I could write all afternoon about what I think a quality teacher is, and at some point, I’m sure I will. At the moment, though, I’d like to share what a group of students at Founders Classical Academy thinks about who they want teaching them.\r\n\r\nThe students are thoughtful, expressive, and interested in learning from adults who care about them. Watch the video below to see if you agree.\r\n\r\nhttps://vimeo.com/161932474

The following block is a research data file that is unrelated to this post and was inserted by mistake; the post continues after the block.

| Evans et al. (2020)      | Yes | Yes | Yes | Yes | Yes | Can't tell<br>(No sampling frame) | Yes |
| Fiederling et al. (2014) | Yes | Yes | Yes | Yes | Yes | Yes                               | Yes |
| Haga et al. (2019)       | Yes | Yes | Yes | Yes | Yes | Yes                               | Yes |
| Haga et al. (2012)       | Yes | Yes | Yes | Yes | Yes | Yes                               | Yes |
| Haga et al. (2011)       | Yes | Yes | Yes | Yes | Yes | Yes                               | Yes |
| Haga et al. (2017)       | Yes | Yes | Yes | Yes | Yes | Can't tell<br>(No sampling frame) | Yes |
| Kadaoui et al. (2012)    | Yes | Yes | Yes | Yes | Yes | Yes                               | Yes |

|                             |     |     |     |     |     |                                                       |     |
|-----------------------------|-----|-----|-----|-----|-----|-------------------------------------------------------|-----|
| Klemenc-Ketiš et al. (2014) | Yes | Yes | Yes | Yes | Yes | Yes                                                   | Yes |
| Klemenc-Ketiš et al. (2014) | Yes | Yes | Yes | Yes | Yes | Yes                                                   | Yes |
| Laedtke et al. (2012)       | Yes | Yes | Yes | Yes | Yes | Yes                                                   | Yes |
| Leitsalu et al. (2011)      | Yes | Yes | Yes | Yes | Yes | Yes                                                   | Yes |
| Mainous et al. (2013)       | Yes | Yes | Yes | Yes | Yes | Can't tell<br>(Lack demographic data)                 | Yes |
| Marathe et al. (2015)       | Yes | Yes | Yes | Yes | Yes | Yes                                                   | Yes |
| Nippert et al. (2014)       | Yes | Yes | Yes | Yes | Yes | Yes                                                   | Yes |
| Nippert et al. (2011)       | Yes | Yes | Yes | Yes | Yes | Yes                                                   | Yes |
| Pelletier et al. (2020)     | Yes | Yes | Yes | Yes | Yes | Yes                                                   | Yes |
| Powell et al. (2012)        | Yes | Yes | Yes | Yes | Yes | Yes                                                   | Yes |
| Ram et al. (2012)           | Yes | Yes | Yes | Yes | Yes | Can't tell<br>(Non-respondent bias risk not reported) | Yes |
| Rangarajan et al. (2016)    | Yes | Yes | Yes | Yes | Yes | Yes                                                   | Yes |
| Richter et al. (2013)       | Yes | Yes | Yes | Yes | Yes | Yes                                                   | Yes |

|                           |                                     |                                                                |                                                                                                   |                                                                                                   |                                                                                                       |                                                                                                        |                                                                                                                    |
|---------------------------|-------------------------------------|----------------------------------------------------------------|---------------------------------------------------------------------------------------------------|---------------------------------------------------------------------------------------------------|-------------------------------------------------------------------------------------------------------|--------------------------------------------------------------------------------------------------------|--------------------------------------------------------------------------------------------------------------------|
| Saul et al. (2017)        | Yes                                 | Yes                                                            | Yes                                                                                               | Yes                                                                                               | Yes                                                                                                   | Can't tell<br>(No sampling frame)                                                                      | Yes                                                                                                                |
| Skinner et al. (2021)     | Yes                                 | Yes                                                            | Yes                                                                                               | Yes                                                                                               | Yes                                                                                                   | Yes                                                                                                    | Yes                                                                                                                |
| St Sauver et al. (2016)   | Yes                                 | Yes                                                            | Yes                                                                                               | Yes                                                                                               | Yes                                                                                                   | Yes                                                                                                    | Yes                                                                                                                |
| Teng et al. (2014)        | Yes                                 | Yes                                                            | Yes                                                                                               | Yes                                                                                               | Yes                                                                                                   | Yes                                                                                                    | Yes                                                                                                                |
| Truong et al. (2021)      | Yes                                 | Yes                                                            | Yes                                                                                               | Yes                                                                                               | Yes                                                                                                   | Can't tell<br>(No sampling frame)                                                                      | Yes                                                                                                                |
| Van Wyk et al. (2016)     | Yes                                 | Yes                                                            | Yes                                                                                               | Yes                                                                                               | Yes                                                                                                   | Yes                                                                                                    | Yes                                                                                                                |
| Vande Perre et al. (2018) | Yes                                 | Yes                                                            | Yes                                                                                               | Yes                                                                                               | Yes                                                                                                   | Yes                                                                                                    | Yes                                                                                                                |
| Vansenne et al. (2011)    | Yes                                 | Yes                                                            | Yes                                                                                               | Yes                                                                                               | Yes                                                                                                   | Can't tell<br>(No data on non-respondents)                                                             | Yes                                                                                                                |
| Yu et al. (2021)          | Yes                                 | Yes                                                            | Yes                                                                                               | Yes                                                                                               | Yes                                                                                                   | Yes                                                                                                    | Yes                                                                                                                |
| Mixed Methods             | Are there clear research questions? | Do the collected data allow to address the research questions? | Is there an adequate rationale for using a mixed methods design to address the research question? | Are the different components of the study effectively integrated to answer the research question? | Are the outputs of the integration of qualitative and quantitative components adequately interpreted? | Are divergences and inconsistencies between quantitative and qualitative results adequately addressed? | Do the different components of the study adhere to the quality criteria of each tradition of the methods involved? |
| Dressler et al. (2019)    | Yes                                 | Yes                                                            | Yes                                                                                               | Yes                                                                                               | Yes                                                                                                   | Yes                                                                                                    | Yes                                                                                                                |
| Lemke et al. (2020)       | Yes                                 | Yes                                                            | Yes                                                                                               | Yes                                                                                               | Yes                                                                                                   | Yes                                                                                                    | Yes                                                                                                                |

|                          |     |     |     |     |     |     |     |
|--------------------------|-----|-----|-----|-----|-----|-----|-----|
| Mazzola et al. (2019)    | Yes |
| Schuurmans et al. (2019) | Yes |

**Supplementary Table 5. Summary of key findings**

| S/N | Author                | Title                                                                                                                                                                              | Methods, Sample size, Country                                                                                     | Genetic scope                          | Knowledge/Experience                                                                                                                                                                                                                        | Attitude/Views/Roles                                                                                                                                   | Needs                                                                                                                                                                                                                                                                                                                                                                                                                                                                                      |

In 1972, rock star Alice Cooper produced his anthem “School’s Out.” It appealed to us who grew up in the 70s and 80s laboring under the heavy weight of a rapidly centralizing school system. We enjoyed the song because as Cooper himself related, there are few greater moments to a student than the moment when school ends, whether it is for a day or for good. We all agreed wholeheartedly. It was the closest thing to oppression most of us would know, and we couldn’t wait for it to end.\r\n\r\nThe rock star was focused on the experience of school, but in doing so, he shed a light on a built-in desire: to have say over the daily events of our lives. We had so little of it as students, we eagerly echoed Pink Floyd’s terrible grammar: “We don’t need no education.” Our experience made us all liberty-lovers.\r\n\r\nIf you were to ask the typical student in an average classroom (assuming the students in that classroom aren’t just watching the clock), you will find that they almost universally accept the idea of personal liberty. This doesn’t mean they have no sense of community or responsibility to others, but virtually every one finds it wholly obvious. As they sit there, they want control of their lives. What they don’t realize is how fragile the idea of liberty actually is.\r\n\r\nBen Franklin was asked following the Constitutional Convention of 1787 whether they had produced a republic or a monarchy. He is said to have replied, “A republic, if you can keep it.” He knew what most students don’t yet understand (mostly because they live daily under the rule of their parents and of their teachers). Liberty can easily be lost to those who think they know how to run people’s lives better than the individuals themselves. Eric Metaxas has a new book on the topic that is worth a read.\r\n\r\nIn many respects, we’ve lost a generation to the idea that all students should realize the same outcome, that the only way to improve is to go to college and earn a four-year degree. It’s a collectivist tendency that values equality above all else. It is virtue to value equality, but it is also a basic truth that all people have their own interests, talents, and levels of motivation. When we believe too strongly that everyone should move together on a centrally planned educational track to identical goals, we start to lose ourselves a little bit in the march.\r\n\r\nWhat we need is for teachers to become partners with students as they work to understand the value of liberty. We need them to teach students how to use it to promote the well-being of everyone in a community while they find their own unique ways of adding value and thinking their own thoughts. It’s too bad Alice Cooper couldn’t imagine something better than school buildings blown to bits. With a focus on thoughtfulness, character, liberty, and innovation, Cooper’s tune could have changed from “School’s out forever” to “School’s now much better.”\r\n\r\nFortunately, there’s still time to make this happen.